Announcement

Collapse
No announcement yet.

Salt build-up

Collapse
X
 
  • Filter
  • Time
  • Show
Clear All
new posts

  • Salt build-up

    I was replaced the exhast cover gaskets on my 1987 Suzuki DT200 yesturday and noticed a lot of salt build-up on the inside of the cover. So I can imagine what the rest of the water jacket looks like. I run the boat in an estuary, so I assume the engine gets flushed when i come from the ocean and back in the river which is fresh water, but guess not. Is there a solution I can run the engine in that will disolve all the salt build-up??
    [br]Michael R. Delgado[br]1972 Mako 22[br]http://classicmako.com/forum/topic.asp?TOPIC_ID=15745[br]1976 Mako 25[br]http://classicmako.com/forum/topic.asp?TOPIC_ID=18013&SearchTerms=mako,25[br]

  • #2
    Hi mrdelgado,

    I'm assuming from your location your running between Newburyport and Plum Island. How far do you run back before you tie up or pull the boat. I've seen salt water get as far as Larry's marina or better. Do you think that might be a cause of it? I generally put in at Haverhill and run out from there. I know it's a long run but I don't mind to much. It gives the boat lots of time to run fresh water through her and my friend has a boat slip at Kasmera's (spelling)

    SB
    Tim[br]1981 19 (project)[br]prior 1978 17 angler (sold)[br]

    Comment


    • #3
      There is a product called "Salt Away" that you hook into the garden hose as you flush it. I've never used it.

      There is another product by MST Guardian.

      http://www.mstguardian.com/Treatment.htm

      They also have a specil hook up that's mounted to the motor that act's like a water pick for your cooling system. I've throught about it,but never got around to buying one.

      Comment


      • #4
        Yeah, I'm running out of the American yacht club, last club on your right as you go towards the mouth.

        Salty you should just trailer over to the salisbury reservation, that's free and the public launch in newburyport is, I think $4?

        Anywho, any idea how to get rid of the salt buid-up?
        [br]Michael R. Delgado[br]1972 Mako 22[br]http://classicmako.com/forum/topic.asp?TOPIC_ID=15745[br]1976 Mako 25[br]http://classicmako.com/forum/topic.asp?TOPIC_ID=18013&SearchTerms=mako,25[br]

        Comment


        • #5
          If I'm in a pinch to get the mouth I run out of the res. They charge 5 or 6 bucks to use the ramp. As for the Newburyport ramp... that's a Zoo!! I'd rather go for a run up the river than fight at the ramp.

          As for the salt, there's not much better that running fresh water through the engine after the days run. If you have the boat moared, I'd run the salt away as Wart suggested from time to time.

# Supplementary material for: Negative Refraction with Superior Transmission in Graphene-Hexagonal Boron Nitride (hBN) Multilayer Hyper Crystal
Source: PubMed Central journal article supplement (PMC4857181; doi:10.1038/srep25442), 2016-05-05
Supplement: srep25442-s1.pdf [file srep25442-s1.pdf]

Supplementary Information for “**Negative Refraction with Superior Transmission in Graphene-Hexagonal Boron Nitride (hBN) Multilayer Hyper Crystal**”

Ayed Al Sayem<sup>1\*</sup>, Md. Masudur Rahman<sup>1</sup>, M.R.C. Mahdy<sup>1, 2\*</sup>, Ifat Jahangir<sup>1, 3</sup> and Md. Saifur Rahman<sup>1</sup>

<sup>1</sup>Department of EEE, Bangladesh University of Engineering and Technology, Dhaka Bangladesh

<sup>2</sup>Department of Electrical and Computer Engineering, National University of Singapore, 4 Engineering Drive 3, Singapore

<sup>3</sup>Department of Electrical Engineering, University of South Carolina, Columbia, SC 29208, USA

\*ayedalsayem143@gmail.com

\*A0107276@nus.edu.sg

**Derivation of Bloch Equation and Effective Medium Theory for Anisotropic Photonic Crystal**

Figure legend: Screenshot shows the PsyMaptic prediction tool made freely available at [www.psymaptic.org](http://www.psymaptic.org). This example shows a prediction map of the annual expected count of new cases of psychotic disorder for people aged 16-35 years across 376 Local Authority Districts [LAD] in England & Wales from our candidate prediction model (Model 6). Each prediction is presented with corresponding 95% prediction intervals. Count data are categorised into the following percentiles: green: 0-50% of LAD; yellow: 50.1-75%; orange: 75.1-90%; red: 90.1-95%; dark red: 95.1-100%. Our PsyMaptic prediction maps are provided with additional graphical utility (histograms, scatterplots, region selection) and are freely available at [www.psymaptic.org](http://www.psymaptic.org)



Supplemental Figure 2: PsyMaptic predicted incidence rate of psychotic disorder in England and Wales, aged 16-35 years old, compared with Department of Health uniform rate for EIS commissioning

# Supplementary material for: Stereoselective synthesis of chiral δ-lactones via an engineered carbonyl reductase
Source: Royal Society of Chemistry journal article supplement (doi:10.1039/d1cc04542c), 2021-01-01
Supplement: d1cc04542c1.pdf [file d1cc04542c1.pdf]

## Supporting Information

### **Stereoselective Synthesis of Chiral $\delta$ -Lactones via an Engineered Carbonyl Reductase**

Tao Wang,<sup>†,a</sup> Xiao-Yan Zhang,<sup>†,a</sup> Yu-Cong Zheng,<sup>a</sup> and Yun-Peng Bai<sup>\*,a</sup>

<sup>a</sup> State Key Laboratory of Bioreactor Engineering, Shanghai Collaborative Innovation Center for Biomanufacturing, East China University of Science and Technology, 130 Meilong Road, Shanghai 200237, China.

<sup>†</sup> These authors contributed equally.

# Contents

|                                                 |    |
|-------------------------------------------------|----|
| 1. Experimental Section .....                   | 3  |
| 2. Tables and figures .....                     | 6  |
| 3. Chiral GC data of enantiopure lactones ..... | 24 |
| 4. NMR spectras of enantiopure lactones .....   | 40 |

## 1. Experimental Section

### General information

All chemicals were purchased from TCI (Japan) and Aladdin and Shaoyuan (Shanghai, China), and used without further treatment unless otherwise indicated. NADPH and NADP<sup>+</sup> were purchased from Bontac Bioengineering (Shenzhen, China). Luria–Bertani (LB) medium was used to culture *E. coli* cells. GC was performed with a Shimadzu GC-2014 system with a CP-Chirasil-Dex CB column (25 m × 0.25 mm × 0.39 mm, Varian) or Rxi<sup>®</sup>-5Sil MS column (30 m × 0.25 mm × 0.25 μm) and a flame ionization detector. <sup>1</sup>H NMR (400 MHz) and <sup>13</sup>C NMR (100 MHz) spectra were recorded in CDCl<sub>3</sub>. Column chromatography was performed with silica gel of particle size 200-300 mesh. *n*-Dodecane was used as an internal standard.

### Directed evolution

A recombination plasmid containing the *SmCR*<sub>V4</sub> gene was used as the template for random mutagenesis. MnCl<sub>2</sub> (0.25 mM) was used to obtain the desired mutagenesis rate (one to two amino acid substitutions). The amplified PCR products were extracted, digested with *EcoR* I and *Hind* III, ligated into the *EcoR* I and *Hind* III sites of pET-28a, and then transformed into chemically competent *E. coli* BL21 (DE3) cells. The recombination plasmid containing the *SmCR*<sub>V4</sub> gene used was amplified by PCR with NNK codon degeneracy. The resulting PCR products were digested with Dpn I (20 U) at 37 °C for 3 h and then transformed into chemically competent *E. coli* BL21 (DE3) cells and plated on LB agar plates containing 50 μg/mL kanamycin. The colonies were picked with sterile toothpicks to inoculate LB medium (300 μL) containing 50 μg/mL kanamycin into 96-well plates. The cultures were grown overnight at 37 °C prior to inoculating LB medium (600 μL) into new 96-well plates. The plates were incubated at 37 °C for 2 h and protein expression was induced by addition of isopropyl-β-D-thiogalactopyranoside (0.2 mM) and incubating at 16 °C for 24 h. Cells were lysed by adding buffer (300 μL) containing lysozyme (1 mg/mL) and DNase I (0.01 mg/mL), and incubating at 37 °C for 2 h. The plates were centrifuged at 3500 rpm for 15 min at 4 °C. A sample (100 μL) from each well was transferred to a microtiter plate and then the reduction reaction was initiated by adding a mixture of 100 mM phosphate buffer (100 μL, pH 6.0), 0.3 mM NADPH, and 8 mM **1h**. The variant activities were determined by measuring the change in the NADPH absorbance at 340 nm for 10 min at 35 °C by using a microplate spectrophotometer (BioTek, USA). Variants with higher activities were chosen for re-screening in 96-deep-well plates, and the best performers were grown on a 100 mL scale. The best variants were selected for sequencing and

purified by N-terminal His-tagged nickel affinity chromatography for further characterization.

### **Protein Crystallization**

I'd say the American Yacht club gets mostly salt water for the most part. Once you get ahead of the salt deposits etc, I'd make it a point to go for a run up the river before shutting down for the day (outgoing tide prefered). Yeah it's a pain but every once in a while wouldn't hurt.

          Enjoy

          SB
          Tim[br]1981 19 (project)[br]prior 1978 17 angler (sold)[br]

          Comment


          • #6
            Not being fortunate enough to have a fresh water stream to run in immediately after returning from the "big salty waters", I have used the "salt-away" product, which is available from West Marine, Overton's, and a number of other "major" stores, etc.

            It works EXACTLY as advertised[][], cleaning the surfaces of any salt residue or build up and leaving behind a slightly shiny film of protectorant.

            I use it to wash everything you CAN see[8)] (exterior AND interior of the boat), and everything you CAN'T see[B)] (the motor flush - There is a "flushing kit" that is available for a few bucks extra, that is the cat's whiskers... It goes in-line in the garden hose, and you simply use your normal "rabbit ears" or other appropriate flushing tool, to flush the motor. I also lift the hoods, and spray off the motor, as well as use it to spray inside the trailer brakes, inside the holes in the trailer frame, etc., etc., etc...)

            Also, whenever I go to the "big salty waters" (Only the Pacific, and the Gulf of California so far...), I remove the motor hoods, and liberally douse everything in sight with a light coating of WD-40, prior to going into the water. I also pay particular attention to coating any "exposed thread" fasteners (boat AND trailer...especially the wheel studs...), making sure they get a coating of protectorant.

            Last but not least, I make sure to coat all electrical connections with "dialectric grease" (available from almost any auto parts store) covering all exposed connector surfaces. Especially important are the trailer light bulb connections.

            Good Luck... OB1
            Working for a livin\' is HIGHLY Over-Rated...[][br]

            Comment

            Working...
            X